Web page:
Get Me Out is a book written by Randi Hutter Epstein that discusses the journey from when a mother conceives to when the mother gives birth to the baby. The author discusses how you can deliver a baby (i.e a midwife, doctor, etc) and how babies were dealt with in hospitals. Get Me Out describes all there is to know about the beautiful journey of pregnancy.
Of course, pregnancy all starts off with conception. This could mean from a sperm bank or naturally conceiving a baby through sex. When the egg and the sperm meet, this forms the zygote. The zygote then travels down the fallopian tubes to form a little ball called a morula. The morula then attaches to the uterine wall where it then becomes an embryo. This little embryo then starts developing in his or hers mother’s uterus.
The embryo is about 0 to 6 centimeters, which is very, very small. The embryo begins to have a heart beat and even develops tiny eyes, ears, fingers, and toes. The tiny embryo is 9 weeks old and is classified as a fetus. The fetus’ face becomes clearer and it’s external genitals begin to appear. In this trimester, the mother can experience some morning sickness, but most of the nausea goes away by the second trimester.
In the second trimester, the fetus is about 15 centimeters and the mother can start to feel the baby moving around inside of her. The fetus begins developing skin, hair, and nails and begins looking more and more like an actual baby. The fine hair that the fetus develops is called lanugo. The fetus develops the lanugo all over their body to protect themselves from the elements inside of the womb. The fetus’ brain begins growing rapidly, too. The fetus develops lung sacs, but they are not very mature yet. At 30 centimeters, the fetus’ eyes finally open and begins growing very fastly.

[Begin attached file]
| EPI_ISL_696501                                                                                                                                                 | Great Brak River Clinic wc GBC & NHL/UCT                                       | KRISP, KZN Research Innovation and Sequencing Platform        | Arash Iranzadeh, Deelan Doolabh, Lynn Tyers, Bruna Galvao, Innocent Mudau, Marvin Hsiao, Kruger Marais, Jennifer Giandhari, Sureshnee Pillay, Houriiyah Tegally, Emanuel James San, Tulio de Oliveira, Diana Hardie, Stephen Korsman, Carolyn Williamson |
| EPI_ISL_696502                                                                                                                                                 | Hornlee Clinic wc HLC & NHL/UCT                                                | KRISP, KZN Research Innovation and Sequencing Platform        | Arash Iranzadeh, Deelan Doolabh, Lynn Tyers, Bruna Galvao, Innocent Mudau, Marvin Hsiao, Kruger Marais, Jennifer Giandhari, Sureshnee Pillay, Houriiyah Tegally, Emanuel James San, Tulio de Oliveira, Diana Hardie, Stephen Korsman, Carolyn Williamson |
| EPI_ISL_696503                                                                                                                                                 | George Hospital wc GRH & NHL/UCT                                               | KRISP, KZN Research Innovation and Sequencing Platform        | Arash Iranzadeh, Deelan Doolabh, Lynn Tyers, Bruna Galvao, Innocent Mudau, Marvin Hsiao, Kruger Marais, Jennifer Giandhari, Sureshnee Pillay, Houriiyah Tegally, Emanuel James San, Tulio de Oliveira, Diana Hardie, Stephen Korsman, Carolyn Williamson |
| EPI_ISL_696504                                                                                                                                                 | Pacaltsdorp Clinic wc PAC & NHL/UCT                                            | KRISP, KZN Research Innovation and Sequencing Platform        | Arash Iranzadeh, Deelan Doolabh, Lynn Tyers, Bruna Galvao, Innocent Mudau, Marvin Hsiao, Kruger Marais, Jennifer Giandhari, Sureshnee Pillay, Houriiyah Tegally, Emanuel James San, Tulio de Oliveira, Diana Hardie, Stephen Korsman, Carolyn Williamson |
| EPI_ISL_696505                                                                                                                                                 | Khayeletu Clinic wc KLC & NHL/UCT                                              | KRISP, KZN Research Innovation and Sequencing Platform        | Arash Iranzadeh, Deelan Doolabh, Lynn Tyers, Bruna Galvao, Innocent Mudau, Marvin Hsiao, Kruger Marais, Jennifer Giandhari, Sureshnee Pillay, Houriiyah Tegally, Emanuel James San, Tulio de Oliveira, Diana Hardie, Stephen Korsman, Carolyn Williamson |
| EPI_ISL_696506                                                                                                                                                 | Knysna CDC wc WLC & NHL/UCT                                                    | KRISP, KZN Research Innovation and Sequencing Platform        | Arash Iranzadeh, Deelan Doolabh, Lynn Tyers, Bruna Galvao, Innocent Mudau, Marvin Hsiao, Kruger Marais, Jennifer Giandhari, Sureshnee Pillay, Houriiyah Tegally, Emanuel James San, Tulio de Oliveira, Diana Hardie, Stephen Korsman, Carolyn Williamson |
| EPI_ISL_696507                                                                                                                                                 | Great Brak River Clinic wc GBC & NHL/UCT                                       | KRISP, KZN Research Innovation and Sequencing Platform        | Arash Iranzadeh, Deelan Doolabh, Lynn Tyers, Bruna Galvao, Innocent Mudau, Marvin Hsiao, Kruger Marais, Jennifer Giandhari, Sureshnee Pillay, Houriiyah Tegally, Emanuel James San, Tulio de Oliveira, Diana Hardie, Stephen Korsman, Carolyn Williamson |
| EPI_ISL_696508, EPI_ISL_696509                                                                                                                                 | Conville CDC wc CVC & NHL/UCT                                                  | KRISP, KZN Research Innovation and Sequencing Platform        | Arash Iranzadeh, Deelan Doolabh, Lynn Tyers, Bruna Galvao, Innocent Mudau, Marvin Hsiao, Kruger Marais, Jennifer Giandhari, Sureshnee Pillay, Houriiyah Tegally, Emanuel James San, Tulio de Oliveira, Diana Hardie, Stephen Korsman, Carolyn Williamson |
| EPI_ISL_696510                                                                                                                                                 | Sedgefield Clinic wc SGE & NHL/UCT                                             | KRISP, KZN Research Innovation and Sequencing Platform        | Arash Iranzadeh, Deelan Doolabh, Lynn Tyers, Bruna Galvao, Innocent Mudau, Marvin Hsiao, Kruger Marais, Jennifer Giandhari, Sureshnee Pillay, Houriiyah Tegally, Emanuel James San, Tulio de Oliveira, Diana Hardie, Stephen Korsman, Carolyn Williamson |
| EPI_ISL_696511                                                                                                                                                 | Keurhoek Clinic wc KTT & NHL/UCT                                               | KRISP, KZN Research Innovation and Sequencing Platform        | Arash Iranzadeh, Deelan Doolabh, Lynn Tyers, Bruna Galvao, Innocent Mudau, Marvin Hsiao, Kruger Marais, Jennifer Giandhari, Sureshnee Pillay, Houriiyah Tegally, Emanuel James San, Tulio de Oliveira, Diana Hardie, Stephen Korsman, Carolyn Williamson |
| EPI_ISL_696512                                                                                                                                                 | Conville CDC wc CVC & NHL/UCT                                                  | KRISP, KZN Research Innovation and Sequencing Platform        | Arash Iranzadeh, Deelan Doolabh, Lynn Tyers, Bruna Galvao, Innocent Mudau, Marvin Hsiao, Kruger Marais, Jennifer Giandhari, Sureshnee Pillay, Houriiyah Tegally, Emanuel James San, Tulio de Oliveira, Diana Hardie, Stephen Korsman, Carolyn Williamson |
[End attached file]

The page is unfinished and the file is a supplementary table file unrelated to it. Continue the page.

In the third trimester, the fetus is fully developed, but cannot survive out
side of the womb without needing medical intervention. At around 8 to 9 months, the fetus begins turning and lowering itself so it can prepare for birth. The mother may experience contractions more often. The mother may also want to begin doing kegel exercises to help strengthen her pelvic floor. When the mother’s amniotic sac or “water” breaks, this is usually when the mother goes to the hospital or calls their midwife to prepare to give birth.
While reading Get Me Out, it never really hit me how much a woman’s body undergoes change until I actually started learning about it in class. I never realized how the uterus has to expand so much in order to hold a growing fetus (40 centimeters to be exact). I think that since my own mother was pregnant with my baby sister as I learned about pregnancy, I’ve gotten an up close view of things. My perspective has definitely changed and I appreciate the female reproductive system a lot more.
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